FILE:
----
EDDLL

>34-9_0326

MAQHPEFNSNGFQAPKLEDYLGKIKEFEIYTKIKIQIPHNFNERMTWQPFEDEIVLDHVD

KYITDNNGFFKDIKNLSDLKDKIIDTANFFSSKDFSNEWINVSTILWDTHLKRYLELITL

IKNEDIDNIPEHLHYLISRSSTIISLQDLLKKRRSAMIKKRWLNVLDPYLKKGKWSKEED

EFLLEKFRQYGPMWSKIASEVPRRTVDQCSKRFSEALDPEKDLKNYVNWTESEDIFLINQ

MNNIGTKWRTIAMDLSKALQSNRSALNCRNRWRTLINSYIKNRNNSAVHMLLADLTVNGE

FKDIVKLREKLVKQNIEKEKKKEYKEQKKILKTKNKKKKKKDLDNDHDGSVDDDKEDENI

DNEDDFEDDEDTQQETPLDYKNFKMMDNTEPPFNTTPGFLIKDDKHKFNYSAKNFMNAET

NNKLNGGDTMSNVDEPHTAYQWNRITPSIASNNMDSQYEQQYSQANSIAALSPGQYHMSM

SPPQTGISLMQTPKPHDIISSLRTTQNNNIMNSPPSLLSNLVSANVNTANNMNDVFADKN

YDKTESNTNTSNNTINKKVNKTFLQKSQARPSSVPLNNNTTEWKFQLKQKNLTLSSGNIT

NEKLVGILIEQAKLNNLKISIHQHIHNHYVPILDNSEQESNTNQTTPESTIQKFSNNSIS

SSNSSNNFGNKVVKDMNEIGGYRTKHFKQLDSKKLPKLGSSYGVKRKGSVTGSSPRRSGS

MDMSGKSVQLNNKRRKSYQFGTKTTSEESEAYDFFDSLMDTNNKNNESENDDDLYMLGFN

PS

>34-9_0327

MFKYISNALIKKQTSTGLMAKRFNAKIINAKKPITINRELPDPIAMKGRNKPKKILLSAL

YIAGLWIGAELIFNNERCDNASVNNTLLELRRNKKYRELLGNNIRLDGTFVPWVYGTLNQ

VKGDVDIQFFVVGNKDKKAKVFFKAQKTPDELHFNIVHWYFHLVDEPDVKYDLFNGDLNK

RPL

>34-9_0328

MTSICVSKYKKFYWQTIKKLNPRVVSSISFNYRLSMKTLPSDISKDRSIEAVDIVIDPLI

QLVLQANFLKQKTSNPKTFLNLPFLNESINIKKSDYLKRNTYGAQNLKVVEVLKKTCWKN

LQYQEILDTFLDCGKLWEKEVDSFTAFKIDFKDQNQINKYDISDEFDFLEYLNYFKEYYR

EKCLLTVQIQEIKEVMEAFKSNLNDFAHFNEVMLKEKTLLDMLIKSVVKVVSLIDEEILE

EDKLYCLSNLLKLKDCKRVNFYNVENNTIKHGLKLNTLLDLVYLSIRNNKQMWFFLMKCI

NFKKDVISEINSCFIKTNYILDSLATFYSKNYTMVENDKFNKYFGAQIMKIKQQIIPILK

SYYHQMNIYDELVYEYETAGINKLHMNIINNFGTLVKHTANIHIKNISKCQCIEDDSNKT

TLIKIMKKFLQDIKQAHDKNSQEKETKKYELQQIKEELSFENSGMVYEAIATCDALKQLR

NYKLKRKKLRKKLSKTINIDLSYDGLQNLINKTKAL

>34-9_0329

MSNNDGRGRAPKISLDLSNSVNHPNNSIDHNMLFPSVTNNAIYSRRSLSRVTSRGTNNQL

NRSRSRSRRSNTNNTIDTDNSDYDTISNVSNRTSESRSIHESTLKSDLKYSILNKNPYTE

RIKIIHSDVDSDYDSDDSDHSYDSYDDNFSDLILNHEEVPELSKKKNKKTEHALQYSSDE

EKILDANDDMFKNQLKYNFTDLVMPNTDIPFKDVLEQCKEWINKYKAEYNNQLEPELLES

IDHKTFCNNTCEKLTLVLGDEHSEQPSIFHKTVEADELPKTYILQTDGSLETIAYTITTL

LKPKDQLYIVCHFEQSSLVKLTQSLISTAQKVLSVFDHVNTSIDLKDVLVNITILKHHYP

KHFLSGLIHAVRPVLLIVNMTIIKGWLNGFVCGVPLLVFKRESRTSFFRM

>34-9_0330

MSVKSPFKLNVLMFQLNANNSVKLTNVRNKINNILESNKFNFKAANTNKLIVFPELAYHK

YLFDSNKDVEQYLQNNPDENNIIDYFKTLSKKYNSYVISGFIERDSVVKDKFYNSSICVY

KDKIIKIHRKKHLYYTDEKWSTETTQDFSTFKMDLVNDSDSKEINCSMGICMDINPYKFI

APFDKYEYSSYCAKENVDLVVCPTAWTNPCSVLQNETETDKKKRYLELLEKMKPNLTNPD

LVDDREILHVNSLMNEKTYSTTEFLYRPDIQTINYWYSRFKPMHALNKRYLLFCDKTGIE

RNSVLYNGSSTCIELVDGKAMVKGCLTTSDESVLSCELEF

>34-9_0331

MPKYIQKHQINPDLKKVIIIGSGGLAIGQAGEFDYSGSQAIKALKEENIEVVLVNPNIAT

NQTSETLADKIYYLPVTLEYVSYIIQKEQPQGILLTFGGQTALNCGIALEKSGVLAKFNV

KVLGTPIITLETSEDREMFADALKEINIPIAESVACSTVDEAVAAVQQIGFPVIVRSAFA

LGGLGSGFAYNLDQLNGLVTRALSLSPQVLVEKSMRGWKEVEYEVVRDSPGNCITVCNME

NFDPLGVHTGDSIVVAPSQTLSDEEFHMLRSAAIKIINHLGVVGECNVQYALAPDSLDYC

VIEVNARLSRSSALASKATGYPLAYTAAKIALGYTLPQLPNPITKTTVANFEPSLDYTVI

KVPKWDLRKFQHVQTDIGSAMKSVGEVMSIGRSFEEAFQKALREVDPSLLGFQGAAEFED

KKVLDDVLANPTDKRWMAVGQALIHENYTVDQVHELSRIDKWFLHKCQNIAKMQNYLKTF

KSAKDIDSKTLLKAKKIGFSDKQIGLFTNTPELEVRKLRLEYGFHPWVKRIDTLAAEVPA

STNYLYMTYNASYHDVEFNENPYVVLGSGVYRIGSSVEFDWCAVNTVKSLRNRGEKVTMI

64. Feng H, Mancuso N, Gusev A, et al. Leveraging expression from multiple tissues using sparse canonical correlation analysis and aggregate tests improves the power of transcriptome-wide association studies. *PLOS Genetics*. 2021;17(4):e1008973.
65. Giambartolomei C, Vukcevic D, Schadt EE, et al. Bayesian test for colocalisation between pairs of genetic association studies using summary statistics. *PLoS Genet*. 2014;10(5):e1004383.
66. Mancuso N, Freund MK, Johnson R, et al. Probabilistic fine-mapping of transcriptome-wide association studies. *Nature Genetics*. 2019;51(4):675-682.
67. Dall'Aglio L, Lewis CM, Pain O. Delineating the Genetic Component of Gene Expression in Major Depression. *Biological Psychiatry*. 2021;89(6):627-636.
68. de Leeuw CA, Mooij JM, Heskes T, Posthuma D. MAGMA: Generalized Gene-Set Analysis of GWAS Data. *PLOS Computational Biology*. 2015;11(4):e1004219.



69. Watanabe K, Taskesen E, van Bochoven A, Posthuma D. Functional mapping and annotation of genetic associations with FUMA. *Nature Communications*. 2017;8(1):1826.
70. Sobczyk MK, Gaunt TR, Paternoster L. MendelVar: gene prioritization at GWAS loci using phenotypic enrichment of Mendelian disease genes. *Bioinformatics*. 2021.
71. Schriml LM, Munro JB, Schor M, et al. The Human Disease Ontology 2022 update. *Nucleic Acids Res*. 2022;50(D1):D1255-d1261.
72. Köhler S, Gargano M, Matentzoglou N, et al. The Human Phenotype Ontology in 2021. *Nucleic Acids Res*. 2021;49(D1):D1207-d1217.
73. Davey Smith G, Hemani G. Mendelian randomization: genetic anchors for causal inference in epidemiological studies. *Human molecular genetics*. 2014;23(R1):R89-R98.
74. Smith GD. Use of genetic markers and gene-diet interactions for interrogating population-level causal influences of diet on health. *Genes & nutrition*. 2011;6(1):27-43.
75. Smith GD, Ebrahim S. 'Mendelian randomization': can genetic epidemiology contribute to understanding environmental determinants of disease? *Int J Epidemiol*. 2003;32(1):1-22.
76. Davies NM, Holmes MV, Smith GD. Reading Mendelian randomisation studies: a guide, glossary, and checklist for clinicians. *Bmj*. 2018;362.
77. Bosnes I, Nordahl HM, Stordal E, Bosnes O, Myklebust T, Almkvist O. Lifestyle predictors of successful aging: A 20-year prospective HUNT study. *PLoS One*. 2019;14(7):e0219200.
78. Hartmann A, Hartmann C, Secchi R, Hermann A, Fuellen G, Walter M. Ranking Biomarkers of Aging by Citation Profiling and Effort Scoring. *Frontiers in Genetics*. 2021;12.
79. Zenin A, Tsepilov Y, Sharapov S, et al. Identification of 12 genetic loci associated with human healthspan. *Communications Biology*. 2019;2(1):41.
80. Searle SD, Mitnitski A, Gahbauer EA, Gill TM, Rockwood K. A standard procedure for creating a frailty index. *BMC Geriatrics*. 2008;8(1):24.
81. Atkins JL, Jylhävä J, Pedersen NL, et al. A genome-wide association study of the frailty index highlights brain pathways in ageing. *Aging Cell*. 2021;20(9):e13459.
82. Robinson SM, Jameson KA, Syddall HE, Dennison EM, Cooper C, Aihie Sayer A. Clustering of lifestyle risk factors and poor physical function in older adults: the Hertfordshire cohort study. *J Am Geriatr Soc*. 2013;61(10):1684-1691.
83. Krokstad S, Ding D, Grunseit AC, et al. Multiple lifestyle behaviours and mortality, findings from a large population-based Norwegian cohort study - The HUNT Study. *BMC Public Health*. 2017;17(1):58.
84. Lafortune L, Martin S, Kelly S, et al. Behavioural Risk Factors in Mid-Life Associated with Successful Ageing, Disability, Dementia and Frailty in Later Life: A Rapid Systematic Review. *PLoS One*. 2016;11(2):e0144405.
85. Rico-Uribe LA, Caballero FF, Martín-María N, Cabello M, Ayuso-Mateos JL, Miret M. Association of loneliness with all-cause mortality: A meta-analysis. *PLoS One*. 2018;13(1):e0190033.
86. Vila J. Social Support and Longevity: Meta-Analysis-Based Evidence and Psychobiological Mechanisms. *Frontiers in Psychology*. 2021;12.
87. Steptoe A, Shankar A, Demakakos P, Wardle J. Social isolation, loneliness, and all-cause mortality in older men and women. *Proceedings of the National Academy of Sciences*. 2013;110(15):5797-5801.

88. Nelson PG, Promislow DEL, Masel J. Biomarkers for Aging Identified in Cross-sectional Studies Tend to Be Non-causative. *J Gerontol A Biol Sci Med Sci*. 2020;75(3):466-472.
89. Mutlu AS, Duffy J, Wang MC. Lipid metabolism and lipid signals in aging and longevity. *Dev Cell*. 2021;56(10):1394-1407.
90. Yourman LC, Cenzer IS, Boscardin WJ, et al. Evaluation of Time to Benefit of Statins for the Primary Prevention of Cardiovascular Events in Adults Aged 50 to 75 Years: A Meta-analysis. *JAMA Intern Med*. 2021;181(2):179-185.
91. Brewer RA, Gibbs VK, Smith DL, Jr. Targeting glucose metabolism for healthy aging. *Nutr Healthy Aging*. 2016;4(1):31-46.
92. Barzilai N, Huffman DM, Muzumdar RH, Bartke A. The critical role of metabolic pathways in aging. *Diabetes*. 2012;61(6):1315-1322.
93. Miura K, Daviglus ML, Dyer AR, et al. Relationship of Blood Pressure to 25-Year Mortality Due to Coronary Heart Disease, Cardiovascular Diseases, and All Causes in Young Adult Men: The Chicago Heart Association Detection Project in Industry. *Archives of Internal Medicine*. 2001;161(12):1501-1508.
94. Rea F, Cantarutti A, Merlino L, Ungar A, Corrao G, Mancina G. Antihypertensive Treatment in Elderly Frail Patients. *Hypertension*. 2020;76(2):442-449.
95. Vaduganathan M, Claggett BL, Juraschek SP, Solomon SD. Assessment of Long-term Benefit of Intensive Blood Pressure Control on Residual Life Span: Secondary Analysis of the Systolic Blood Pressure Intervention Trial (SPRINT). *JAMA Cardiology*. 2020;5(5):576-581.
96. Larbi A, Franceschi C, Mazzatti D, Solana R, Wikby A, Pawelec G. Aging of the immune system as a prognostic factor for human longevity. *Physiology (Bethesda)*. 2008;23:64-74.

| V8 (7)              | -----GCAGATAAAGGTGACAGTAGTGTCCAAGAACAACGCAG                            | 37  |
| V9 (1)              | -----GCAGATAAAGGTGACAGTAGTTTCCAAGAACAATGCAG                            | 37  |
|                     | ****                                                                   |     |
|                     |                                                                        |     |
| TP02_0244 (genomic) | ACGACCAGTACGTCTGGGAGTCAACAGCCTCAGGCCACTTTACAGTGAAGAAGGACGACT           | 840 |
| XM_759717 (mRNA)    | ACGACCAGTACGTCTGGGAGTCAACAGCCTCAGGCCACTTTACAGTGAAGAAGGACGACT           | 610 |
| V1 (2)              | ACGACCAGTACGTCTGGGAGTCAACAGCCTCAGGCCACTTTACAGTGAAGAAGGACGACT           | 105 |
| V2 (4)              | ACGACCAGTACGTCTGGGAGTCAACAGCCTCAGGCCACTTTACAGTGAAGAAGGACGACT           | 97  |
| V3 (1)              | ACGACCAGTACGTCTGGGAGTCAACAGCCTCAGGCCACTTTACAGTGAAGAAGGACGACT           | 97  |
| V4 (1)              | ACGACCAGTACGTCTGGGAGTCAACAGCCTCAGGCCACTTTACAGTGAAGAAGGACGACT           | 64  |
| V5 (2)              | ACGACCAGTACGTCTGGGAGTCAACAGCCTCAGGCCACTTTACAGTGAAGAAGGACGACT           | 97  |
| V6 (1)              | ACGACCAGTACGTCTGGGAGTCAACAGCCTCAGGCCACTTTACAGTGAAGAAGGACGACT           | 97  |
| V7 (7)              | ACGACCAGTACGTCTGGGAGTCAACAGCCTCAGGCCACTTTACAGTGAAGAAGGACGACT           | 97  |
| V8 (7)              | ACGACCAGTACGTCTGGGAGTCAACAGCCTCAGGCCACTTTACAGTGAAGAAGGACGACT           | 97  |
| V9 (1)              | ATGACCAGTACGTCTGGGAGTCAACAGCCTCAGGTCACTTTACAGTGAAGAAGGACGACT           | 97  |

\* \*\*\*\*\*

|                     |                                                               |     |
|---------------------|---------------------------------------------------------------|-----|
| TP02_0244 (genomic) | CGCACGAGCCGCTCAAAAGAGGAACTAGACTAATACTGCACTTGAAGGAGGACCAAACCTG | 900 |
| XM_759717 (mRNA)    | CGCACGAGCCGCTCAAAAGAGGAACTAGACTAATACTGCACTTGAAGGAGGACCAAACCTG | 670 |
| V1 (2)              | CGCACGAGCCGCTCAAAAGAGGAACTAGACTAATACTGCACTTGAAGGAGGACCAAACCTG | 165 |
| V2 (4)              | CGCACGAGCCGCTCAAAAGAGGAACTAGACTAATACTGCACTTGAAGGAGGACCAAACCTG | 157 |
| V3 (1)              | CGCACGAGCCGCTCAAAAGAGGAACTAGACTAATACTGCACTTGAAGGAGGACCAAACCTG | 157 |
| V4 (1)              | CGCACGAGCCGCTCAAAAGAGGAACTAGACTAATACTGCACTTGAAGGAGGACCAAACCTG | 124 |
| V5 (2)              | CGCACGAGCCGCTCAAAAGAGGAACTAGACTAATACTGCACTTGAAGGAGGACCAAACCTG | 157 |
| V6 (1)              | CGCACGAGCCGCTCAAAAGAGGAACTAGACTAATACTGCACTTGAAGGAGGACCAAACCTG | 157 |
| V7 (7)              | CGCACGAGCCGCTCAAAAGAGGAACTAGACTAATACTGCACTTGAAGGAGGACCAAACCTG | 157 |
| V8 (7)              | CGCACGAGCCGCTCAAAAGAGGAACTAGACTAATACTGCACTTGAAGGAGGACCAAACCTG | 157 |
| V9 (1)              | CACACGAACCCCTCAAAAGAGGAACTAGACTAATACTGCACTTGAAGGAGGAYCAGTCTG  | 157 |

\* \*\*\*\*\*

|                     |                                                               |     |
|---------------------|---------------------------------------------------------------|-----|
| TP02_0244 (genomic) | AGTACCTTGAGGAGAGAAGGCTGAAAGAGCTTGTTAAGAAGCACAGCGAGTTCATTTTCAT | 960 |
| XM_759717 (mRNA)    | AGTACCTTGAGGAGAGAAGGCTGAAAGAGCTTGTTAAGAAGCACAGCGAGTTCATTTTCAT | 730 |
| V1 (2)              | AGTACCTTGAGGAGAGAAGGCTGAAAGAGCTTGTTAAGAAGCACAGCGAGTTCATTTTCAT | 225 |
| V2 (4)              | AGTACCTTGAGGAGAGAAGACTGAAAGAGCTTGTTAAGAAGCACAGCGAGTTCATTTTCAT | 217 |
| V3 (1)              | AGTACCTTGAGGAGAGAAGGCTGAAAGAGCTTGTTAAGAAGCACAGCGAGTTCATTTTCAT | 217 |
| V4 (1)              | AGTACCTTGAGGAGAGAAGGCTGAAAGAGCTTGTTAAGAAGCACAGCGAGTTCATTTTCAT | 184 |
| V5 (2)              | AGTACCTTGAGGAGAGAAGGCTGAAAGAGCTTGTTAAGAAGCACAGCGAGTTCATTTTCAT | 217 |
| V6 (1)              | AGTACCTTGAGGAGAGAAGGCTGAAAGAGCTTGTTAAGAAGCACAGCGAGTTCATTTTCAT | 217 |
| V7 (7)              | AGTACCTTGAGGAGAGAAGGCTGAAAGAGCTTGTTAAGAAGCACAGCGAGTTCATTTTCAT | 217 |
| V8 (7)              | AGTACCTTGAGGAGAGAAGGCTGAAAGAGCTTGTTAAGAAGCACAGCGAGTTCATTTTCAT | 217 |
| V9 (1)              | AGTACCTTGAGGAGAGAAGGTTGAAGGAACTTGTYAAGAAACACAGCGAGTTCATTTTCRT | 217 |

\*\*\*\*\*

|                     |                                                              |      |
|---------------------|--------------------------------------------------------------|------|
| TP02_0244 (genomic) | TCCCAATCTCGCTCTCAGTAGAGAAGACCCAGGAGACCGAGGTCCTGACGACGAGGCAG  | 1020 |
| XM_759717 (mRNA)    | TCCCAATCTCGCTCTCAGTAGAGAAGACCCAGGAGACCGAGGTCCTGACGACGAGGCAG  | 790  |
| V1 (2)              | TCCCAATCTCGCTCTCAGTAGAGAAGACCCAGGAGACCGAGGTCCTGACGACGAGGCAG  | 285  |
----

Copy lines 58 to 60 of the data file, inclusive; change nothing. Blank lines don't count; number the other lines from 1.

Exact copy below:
64. Feng H, Mancuso N, Gusev A, et al. Leveraging expression from multiple tissues using sparse canonical correlation analysis and aggregate tests improves the power of transcriptome-wide association studies. *PLOS Genetics*. 2021;17(4):e1008973.
65. Giambartolomei C, Vukcevic D, Schadt EE, et al. Bayesian test for colocalisation between pairs of genetic association studies using summary statistics. *PLoS Genet*. 2014;10(5):e1004383.
66. Mancuso N, Freund MK, Johnson R, et al. Probabilistic fine-mapping of transcriptome-wide association studies. *Nature Genetics*. 2019;51(4):675-682.